Sunday 12 February 2012

French Artillery - Seven Years War

Regiment of the Day

Today we have some more SYW figures finished off - a couple of French Artillery pieces. Huzzah !

2 batteries of cannon, using generic 18th Century figures from warrior miniatures. Painted up as sort-of French.  Very speccy ... I love the way these guys turned out.

Now, according to my sources ... the French artillery uniforms didn't exactly have prominent lapels .. not sure. The figures do have them though, so I have painted the lapels in a lighter shade of blue, which looks pretty cool on this uniform.

Exccellent !  They do look suitably 18th Century. 

In the rules that I am using, each wing command typically has 0-2 gun batteries for the wing, along with 2-4 line regiments, some cavalry and a couple of distinguised units. 

So I almost have enough now to put together a wing from a generic 18th Century army.

As you can see - the guns themselves are pretty generic.

Eureka make a brilliant range of very detailed 18th Century cannon that are a fair bit bigger than these.  Worth getting if you want a serious SYW army on the table. I will be getting some of these later to do a proper Russian force, as the Eureka Russians are brilliant.

Anyway, you get 4 of these guns (plus crew) in each 18th Century army pack, so I will just paint them up as imagi-nation batteries and get em on the table ! 

The warrior miniatures packs are brilliant value - highly recommended if you feel like dabbling in this fun period.


  1. My ignorance of this era shows once again.... were the French gun carriages that... *blue*?!


  2. Hi Peter,

    Yes, you are quite right. The French are using predominantly RED gun carriages and artillery equipment .. a sort of muted red-brown by the look of it. Although, there are several plates that show blue-grey equipment as well.

    From what little research I have done on this, it seems that the artillery arm during this period was only just at the beginning stages of uniformity. Being a specialist technical arm, it was still partially in the hands of civilian contractors.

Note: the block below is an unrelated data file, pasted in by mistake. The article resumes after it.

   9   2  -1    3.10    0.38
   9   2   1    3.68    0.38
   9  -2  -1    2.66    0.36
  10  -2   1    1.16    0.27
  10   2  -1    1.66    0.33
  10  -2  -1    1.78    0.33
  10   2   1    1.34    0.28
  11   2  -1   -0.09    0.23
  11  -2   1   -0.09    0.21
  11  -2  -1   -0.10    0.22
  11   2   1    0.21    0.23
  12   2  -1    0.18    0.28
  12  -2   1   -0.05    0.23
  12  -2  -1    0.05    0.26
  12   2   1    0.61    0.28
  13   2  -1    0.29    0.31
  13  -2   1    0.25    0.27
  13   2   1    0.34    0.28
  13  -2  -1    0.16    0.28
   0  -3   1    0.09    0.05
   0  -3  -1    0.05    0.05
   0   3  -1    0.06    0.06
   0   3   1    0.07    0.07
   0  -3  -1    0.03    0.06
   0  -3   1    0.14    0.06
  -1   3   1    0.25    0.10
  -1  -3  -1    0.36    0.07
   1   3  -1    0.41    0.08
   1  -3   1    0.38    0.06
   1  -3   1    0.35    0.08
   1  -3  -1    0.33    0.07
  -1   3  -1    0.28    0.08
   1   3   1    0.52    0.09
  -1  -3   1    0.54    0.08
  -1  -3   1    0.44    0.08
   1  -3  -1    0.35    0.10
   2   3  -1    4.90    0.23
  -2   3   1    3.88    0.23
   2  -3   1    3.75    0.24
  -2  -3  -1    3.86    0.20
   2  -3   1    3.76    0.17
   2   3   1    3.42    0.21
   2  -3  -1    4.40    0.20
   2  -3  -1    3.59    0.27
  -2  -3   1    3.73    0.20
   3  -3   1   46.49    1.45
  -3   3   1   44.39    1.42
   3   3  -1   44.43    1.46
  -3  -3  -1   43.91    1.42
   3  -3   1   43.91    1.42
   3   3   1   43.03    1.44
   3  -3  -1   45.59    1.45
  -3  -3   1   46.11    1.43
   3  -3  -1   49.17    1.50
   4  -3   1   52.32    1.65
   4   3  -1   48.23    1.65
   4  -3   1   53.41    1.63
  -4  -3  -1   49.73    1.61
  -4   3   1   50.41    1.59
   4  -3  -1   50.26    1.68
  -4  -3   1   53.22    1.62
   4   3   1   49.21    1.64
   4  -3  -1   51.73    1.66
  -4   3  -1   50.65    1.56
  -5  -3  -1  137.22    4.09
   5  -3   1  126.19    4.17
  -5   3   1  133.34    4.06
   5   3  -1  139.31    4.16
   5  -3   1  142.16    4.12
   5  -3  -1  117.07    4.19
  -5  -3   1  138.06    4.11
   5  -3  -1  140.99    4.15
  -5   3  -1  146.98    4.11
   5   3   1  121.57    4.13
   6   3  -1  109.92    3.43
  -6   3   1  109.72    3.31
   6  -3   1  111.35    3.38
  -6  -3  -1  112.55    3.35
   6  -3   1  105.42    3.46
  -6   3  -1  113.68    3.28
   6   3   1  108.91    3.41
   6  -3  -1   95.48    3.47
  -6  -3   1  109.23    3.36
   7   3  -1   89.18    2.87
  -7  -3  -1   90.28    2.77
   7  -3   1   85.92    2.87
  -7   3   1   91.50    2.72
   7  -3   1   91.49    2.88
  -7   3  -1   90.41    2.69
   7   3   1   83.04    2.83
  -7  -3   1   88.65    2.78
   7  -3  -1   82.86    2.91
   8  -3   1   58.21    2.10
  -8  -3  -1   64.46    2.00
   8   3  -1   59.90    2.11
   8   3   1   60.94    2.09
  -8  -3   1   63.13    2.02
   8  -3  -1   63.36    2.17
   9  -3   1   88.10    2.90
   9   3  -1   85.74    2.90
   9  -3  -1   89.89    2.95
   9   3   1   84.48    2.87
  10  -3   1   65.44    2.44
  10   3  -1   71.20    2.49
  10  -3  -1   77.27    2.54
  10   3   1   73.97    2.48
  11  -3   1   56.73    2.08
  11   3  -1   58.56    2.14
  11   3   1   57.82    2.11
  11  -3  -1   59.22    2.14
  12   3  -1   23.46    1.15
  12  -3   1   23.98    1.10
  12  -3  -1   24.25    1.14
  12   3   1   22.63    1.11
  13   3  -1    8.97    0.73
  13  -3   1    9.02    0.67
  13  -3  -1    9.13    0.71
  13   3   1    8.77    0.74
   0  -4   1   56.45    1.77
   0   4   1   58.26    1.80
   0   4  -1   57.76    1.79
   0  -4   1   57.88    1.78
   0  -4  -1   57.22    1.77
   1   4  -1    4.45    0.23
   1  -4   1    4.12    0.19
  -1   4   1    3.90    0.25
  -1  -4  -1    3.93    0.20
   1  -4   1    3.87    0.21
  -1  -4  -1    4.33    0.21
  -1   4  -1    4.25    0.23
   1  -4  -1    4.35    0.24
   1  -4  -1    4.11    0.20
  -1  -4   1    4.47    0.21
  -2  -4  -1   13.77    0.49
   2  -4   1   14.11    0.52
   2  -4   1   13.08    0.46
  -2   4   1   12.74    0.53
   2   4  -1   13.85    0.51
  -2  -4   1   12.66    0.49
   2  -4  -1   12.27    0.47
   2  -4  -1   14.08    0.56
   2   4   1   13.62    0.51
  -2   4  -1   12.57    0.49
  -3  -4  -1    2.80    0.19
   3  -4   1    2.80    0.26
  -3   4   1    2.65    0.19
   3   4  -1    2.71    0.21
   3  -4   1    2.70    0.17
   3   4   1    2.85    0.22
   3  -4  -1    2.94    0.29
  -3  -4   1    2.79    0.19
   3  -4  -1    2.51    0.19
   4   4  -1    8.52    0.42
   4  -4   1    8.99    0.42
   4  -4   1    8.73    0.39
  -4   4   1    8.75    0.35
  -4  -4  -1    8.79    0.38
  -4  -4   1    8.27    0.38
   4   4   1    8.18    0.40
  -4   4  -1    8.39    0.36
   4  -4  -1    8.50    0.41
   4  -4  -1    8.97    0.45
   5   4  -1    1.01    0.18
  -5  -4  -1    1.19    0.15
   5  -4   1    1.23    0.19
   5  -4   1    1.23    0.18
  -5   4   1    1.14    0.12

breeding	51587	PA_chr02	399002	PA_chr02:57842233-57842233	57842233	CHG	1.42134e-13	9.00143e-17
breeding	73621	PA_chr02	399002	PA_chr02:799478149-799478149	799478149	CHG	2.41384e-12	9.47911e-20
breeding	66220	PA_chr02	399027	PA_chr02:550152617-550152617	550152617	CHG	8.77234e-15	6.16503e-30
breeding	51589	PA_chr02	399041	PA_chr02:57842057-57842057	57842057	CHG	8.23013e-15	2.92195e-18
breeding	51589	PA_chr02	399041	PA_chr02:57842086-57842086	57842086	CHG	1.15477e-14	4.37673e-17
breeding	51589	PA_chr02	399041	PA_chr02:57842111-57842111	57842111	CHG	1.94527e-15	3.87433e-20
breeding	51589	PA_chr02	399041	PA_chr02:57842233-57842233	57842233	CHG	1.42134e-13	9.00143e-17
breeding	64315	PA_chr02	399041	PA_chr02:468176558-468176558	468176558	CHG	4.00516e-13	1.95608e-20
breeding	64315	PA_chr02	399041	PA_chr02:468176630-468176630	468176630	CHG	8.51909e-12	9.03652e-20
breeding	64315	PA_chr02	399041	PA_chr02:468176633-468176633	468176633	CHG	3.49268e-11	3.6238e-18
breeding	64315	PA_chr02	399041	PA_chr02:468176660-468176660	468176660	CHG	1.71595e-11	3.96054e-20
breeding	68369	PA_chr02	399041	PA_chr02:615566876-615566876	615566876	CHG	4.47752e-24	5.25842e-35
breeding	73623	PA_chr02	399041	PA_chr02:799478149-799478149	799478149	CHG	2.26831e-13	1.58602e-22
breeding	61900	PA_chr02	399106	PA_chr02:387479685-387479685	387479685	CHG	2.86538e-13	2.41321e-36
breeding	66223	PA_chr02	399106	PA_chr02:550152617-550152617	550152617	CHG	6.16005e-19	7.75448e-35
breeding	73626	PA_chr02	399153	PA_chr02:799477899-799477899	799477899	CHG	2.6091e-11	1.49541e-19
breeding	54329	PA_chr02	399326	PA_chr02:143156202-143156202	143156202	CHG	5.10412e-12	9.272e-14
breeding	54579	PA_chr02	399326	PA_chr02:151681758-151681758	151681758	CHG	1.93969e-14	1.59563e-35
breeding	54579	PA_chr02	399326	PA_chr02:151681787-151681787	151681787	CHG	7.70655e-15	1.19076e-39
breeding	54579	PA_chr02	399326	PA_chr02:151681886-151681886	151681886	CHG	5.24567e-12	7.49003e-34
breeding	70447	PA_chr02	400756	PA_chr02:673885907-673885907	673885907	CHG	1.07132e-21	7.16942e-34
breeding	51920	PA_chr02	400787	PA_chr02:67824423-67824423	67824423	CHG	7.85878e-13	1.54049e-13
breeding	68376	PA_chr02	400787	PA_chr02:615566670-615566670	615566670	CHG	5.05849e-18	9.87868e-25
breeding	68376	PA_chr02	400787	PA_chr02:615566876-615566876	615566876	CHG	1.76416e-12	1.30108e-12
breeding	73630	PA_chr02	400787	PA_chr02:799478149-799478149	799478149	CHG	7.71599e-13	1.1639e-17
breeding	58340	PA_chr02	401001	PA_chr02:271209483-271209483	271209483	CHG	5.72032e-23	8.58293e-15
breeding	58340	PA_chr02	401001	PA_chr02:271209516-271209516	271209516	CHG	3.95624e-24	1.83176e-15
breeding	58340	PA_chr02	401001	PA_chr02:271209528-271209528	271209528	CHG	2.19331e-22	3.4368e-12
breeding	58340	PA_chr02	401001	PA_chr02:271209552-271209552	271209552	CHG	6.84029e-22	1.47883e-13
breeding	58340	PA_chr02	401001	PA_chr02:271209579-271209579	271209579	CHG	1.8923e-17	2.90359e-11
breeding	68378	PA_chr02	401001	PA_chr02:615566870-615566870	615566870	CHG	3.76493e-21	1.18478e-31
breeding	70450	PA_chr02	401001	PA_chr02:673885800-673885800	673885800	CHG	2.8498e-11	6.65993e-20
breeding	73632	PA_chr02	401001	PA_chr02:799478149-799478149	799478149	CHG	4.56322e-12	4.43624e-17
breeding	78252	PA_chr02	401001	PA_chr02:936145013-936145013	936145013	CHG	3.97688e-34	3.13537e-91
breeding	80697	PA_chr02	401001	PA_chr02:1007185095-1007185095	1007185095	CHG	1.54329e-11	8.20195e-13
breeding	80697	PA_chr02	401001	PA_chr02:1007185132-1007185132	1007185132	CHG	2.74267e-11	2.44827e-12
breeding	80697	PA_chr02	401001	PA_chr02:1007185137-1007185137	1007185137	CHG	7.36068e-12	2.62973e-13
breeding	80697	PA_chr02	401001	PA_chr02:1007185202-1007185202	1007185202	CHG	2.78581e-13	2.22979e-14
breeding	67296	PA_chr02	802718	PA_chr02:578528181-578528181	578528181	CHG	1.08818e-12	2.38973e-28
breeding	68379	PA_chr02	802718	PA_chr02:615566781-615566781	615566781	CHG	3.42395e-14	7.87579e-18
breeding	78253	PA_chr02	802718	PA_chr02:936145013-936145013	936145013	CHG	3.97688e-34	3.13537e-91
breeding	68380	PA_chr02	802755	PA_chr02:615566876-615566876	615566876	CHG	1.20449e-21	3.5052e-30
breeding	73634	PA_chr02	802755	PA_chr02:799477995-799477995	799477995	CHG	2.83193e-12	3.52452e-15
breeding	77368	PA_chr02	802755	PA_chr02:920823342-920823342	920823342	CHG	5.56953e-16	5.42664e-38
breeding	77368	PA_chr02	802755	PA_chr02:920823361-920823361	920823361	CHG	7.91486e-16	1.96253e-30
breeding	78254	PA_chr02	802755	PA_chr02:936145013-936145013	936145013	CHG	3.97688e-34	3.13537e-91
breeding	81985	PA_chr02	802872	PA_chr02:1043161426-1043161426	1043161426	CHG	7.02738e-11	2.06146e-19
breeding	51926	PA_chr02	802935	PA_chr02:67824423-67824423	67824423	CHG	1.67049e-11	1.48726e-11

It looks like the Austrians led the way in forming a professional well organised and uniform artillery service in the army.

    So that should leave a little scope for creative interpretation for forces of this period. Also, the warrior gun models are a little fanciful anyway, so I will use these to play around with and produce semi-historical uniforms.

    Having said all that, Eureka has now expanded their SYW line to include the French - along with a tonne of new sculpts and artillery pieces. I have been lucky to have several of these in my workshop as pre-production models for a while now, and they are simply brilliant. The 24pdr is a work of art in itself !

    So later on, I should invest a little time and money in some Eureka additions, and get some less speculative forces on the field as well in more correct uniforms and colours.

    In the meantime, I still have a tonne of warrior figures and guns for this period, and they are going to be painted up semi-historic as we go. They are a total bargain and highly recommended in this scale (GBP 18 for a whole 18th C army pack - 8 regiments worth of infantry, a bunch of cavalry and 4 guns plus crew in the pack. Bargain !)

    Just to add to that, Eureka have a range of SYW teddy bears in 28mm, and they may doing these in 15/18mm soon enough. If so - expect to see a LOT of them joining my SYW imagi-nation armies as well :)


  3. From Wiki:
    At the beginning of the XVIIIth century, French artillery carriages were probably red as were the gun carriages of the French Marine Royale. However, by the time of the Seven Years' War, gun carriages of the French army were blue to distinguish them from the equipment of the supply train (caissons and carts), painted brick red. Furthermore, canvas used with artillery equipment were usually decorated with a device consisting of two crossed cannon (in saltire) with a crowned "A" or "AA". The change to blue occurred very soon after the Vallière reform of 1732, even though the precise date is unknown. More details are available in the aforementioned.....